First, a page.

All these things again demonstrate the grace of God—the love of God—for his people. It’s not so much that we have to worship (though we do) as that we get to worship. In reality, because of our weakness and because of our sin, we don’t always bounce out of bed on a Sunday morning. Even pastors, I’m afraid, aren’t always full of the joy of the Lord and just desperate to get to church. It could be life circumstances—you’ve had a horrendous tragedy that week—it could just be the grind, it could be anything. There are all sorts of reasons why we don’t spring into action on a Sunday morning as we should. But if I’ve got a settled conviction that it is both good and a blessing to come before the Lord, then it’s going to get me there even when my emotions don’t.

4) If you were challenged to summarize the message of this book in one sentence, what would you say? 

I’d say that the book is about . . . the blessings of worshipping God, as he has revealed himself to be in Scripture, in the manner that he’s laid out for us in Scripture. 

I found it hard to find introductory books on worship that didn’t presume a basically Reformed background . . . but in the editing process, Amanda Martin shared that this was the “friendliest and cheerfulest” book that she had read on the regulative principle. That encouraged me, because I think sometimes books on worship can become excessively combative—dare I say it, perhaps especially those from a Reformed perspective. But actually if you get a really biblical, Reformed view of who God is, then it should make you gracious, friendly, and cheerful! So I’m glad it came across that way and not as a kind of “worship wars round 58,” or whatever we’re on now.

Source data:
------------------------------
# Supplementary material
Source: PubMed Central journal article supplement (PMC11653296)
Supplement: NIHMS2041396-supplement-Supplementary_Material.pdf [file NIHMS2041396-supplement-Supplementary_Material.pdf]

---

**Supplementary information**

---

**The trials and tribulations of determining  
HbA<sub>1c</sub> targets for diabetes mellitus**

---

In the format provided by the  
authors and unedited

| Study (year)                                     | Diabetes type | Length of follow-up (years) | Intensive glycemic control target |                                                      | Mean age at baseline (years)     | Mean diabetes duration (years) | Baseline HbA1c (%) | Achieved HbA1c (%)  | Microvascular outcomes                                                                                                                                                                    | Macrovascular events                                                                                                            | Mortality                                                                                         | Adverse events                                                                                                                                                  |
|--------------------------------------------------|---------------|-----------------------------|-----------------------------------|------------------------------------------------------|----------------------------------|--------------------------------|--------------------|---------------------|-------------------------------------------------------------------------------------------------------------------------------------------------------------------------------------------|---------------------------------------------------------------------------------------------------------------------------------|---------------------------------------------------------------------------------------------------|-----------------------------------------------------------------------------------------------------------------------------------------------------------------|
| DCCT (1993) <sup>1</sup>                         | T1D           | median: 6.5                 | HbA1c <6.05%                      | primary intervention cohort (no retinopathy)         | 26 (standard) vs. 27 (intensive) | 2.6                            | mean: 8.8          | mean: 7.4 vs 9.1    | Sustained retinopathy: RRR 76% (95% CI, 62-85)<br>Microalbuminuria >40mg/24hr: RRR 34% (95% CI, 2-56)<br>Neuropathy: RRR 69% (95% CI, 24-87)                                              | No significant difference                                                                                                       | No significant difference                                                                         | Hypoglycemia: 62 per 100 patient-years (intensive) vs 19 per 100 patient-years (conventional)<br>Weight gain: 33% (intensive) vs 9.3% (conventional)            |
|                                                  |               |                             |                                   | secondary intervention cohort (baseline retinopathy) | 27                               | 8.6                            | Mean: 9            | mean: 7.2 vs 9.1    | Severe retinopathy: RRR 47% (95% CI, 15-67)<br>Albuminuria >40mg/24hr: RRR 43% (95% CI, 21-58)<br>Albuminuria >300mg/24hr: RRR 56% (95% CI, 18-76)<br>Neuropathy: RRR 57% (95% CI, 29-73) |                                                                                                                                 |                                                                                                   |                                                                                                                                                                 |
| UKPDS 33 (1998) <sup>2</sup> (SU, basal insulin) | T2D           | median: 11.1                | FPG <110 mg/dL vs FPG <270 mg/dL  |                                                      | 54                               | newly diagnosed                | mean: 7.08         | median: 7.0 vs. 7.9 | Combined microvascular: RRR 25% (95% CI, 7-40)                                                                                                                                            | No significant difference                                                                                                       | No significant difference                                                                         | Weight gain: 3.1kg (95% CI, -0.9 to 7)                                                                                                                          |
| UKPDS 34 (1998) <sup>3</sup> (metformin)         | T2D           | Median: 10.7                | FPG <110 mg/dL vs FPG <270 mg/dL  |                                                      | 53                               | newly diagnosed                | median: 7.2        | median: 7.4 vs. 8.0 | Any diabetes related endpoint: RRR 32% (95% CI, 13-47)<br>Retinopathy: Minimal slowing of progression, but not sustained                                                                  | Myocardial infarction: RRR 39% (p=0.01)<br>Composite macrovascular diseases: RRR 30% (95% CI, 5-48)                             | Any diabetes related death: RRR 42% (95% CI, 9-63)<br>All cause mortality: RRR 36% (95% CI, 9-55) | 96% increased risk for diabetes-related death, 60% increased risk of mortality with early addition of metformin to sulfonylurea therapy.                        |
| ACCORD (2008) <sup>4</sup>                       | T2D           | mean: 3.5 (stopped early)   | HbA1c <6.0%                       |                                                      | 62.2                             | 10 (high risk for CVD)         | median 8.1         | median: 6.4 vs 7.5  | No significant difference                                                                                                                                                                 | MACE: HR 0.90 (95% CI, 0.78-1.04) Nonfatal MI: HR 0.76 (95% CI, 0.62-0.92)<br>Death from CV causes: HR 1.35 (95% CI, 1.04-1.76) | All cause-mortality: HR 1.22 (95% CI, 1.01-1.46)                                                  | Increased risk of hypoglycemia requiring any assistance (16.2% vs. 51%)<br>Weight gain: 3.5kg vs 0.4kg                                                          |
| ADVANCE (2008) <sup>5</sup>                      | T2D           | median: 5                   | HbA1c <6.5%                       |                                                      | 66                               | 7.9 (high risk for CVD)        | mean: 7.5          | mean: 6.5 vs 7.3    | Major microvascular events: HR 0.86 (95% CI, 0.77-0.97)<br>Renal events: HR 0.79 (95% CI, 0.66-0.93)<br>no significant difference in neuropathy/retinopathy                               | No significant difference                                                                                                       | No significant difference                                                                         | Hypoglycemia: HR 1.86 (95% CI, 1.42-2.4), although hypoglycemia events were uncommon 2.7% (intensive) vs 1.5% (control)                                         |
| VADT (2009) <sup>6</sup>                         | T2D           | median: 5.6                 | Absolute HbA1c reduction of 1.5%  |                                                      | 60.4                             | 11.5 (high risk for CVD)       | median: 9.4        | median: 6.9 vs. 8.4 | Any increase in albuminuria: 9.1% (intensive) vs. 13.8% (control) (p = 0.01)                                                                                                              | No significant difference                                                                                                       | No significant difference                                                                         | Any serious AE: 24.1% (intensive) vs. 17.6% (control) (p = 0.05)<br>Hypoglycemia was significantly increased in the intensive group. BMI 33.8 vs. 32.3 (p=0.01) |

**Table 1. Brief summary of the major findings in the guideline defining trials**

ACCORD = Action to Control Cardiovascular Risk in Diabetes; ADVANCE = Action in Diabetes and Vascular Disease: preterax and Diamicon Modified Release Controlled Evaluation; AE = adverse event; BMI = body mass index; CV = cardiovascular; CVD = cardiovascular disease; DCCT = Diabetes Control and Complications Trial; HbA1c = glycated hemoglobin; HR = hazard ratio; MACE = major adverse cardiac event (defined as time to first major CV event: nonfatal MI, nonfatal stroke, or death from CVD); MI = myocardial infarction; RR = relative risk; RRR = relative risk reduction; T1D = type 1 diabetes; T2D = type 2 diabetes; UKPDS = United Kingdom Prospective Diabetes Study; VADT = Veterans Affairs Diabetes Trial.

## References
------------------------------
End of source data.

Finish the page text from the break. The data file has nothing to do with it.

I also hope it’s setting out an explicitly biblical case for why we worship in this way. I wonder if the English context helps here, too, because (I guess like many Reformed churches in the USA) we just can’t get away with saying, “Well, the Westminster Confession says this, so this must be the right way to do it . . .”  Almost no one new to us cares what the Westminster Confession says—or even knows what it is! So we’re constantly having to go back to first principles and show why the Confession says what it does. I hope the book does that in a cheerful, charitable way!

Interview has been edited for length and clarity.

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A Universal Problem by Edward Welch

The following is an excerpt taken from When People Are Big and God Is Small, Second Edition: Overcoming Peer Pressure, Codependency, and the Fear of Man by Edward T. Welch.

Don’t think the fear of man is a problem only for shy, withdrawn types. Isn’t the angry person or the person who tries to intimidate also controlled by others? Any form of one-upmanship qualifies. What about the manager who is working to be more productive than an associate in order to get ahead? The endless jockeying of egos in the corporate boardroom is an aggressive version of fear of man. And do you think that the super confident superstar athlete is somehow above seeking the good opinions of fans and sportswriters? Aggressively asserting that you don’t need anyone is just as much an evidence of the fear of man as the more timid examples we have seen. Fear of man comes in these packages and many others.